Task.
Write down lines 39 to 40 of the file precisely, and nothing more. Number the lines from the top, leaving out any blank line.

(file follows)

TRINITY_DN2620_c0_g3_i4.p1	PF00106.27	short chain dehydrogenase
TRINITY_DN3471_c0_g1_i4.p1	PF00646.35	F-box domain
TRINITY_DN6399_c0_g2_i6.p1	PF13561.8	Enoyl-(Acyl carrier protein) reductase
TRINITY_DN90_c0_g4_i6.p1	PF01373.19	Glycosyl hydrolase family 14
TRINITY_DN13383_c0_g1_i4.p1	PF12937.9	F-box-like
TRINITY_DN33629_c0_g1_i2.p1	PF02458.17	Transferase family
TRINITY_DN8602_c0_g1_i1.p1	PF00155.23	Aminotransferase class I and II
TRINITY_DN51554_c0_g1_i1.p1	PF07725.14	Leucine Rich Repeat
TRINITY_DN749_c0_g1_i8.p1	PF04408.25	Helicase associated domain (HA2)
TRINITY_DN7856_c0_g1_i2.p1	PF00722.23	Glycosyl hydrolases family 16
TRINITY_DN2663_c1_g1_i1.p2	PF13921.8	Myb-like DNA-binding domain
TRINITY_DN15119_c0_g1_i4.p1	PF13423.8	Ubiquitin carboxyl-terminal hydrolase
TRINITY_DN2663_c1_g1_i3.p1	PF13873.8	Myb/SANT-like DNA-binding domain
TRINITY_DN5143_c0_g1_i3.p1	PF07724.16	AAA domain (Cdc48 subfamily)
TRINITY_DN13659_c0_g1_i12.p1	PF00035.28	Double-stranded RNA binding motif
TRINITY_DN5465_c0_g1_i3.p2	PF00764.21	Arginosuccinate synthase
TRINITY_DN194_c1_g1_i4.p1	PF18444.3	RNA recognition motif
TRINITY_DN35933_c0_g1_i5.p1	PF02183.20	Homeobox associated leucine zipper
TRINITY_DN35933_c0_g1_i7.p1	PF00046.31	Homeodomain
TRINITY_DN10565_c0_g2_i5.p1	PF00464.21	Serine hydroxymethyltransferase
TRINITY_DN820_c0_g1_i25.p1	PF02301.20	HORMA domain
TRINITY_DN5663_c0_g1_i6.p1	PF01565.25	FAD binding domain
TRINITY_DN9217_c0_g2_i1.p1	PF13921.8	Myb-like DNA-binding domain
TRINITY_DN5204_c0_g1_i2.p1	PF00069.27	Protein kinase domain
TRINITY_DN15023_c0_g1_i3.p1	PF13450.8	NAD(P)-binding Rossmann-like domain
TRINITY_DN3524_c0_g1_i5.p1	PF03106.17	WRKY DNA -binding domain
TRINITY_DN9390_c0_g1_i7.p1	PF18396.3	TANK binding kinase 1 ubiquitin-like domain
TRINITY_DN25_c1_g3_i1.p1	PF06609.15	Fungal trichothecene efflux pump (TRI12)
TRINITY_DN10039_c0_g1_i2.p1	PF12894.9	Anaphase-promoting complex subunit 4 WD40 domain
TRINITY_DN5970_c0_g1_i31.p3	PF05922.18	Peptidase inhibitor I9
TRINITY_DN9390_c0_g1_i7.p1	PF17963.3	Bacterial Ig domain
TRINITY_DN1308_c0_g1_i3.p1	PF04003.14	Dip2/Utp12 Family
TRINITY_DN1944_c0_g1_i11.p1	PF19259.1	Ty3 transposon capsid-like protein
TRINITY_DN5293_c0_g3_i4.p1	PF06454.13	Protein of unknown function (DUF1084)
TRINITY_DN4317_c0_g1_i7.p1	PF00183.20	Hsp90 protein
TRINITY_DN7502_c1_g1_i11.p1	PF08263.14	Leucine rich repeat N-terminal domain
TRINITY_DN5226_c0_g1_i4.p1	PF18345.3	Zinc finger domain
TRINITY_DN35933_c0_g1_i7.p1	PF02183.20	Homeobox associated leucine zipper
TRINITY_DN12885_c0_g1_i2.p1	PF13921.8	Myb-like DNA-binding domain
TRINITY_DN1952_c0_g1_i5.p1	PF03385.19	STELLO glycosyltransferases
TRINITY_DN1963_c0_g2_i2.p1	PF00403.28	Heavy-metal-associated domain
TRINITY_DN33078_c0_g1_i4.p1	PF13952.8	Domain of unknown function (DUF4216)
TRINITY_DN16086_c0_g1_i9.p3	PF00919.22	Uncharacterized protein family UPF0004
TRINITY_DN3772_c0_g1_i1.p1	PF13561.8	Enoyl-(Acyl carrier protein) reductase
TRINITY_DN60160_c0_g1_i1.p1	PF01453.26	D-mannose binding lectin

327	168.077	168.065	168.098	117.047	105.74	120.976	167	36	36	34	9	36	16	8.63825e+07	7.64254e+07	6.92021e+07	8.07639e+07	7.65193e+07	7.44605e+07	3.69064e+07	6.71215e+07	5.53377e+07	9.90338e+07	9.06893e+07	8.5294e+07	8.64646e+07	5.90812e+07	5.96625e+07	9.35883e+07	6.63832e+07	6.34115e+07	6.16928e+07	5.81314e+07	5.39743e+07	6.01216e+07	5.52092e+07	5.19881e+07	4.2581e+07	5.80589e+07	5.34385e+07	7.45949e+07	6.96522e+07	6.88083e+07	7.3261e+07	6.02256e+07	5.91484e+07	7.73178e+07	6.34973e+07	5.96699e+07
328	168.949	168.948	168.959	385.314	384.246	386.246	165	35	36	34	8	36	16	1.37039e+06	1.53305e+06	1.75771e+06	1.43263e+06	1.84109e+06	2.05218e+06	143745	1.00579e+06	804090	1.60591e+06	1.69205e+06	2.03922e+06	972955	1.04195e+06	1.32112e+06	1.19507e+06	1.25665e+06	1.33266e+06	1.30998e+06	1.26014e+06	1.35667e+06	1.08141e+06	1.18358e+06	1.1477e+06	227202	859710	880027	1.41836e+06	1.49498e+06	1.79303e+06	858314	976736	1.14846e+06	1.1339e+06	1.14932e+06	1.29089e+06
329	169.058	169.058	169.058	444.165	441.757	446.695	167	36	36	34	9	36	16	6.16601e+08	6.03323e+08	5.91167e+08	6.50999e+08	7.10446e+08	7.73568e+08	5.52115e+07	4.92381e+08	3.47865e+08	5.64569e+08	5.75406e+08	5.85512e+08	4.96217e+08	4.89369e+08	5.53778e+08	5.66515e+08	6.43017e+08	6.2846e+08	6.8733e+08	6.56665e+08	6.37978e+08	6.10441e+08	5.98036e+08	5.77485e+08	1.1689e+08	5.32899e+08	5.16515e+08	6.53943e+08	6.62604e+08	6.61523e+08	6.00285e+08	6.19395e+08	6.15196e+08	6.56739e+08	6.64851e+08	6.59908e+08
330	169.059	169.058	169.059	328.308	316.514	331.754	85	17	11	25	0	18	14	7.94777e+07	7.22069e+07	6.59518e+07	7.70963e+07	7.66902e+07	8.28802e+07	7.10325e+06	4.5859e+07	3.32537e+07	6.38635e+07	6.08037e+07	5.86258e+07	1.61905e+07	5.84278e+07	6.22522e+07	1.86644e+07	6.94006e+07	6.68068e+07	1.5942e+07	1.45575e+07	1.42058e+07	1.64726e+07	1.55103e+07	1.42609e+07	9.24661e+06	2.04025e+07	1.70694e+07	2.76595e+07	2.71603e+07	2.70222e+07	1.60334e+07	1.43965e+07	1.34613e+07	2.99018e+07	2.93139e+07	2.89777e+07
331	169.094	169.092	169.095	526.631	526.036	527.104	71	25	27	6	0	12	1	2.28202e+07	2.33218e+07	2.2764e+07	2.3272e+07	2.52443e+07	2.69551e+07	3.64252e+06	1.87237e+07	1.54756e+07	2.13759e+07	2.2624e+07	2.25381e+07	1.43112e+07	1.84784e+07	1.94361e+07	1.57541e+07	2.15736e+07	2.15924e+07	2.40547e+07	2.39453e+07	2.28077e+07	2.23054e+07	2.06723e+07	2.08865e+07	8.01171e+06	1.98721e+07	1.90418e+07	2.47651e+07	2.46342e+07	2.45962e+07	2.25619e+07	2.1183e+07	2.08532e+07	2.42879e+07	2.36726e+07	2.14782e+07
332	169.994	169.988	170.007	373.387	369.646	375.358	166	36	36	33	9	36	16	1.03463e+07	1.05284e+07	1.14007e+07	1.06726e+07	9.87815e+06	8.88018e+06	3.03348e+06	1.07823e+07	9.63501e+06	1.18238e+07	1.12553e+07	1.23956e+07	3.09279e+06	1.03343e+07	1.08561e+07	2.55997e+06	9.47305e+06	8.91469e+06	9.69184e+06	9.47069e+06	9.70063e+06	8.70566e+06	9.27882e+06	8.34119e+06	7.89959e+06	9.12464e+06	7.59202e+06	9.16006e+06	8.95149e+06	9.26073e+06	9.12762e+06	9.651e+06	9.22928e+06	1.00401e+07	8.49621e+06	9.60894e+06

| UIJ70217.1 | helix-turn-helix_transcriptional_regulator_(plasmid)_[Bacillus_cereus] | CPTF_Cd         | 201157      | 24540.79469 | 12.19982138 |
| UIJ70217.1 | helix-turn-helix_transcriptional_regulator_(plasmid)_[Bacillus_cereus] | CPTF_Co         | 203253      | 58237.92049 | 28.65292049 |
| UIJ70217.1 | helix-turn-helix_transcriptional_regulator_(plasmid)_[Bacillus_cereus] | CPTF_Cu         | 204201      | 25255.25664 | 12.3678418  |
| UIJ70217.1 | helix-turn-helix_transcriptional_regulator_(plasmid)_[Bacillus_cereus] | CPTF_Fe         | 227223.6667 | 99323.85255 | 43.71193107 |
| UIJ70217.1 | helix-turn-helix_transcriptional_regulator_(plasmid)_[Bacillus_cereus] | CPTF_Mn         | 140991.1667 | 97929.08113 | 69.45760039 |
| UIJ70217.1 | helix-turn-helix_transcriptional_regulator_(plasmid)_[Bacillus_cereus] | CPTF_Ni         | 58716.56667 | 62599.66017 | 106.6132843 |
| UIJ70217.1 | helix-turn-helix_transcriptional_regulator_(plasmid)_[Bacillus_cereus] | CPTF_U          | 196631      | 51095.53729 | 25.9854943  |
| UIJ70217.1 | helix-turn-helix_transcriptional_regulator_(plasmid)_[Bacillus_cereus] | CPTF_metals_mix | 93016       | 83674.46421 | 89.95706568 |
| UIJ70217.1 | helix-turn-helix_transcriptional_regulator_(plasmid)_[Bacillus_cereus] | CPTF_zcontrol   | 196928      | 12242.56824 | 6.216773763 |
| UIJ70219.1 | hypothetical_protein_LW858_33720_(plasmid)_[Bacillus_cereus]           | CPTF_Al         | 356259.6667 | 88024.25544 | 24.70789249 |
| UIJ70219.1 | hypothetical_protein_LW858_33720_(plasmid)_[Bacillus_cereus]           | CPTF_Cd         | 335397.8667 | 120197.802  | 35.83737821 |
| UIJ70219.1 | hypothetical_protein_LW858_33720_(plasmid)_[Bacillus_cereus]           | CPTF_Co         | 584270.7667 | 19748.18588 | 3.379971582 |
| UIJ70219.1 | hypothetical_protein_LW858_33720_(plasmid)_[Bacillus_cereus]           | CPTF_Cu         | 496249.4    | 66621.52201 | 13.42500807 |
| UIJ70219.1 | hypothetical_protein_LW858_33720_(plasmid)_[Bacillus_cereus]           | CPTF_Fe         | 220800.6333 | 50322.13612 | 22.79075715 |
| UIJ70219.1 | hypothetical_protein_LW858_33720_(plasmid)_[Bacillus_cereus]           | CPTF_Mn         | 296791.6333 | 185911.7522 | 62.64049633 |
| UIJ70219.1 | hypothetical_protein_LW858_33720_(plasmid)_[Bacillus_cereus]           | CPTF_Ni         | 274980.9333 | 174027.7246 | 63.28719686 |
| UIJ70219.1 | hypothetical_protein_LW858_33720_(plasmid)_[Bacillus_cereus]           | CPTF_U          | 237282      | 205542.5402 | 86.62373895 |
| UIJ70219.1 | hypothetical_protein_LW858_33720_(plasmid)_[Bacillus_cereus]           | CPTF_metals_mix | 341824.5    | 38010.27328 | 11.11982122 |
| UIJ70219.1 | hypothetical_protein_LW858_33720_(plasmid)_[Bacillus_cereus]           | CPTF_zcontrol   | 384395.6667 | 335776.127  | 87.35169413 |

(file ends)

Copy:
TRINITY_DN12885_c0_g1_i2.p1	PF13921.8	Myb-like DNA-binding domain
TRINITY_DN1952_c0_g1_i5.p1	PF03385.19	STELLO glycosyltransferases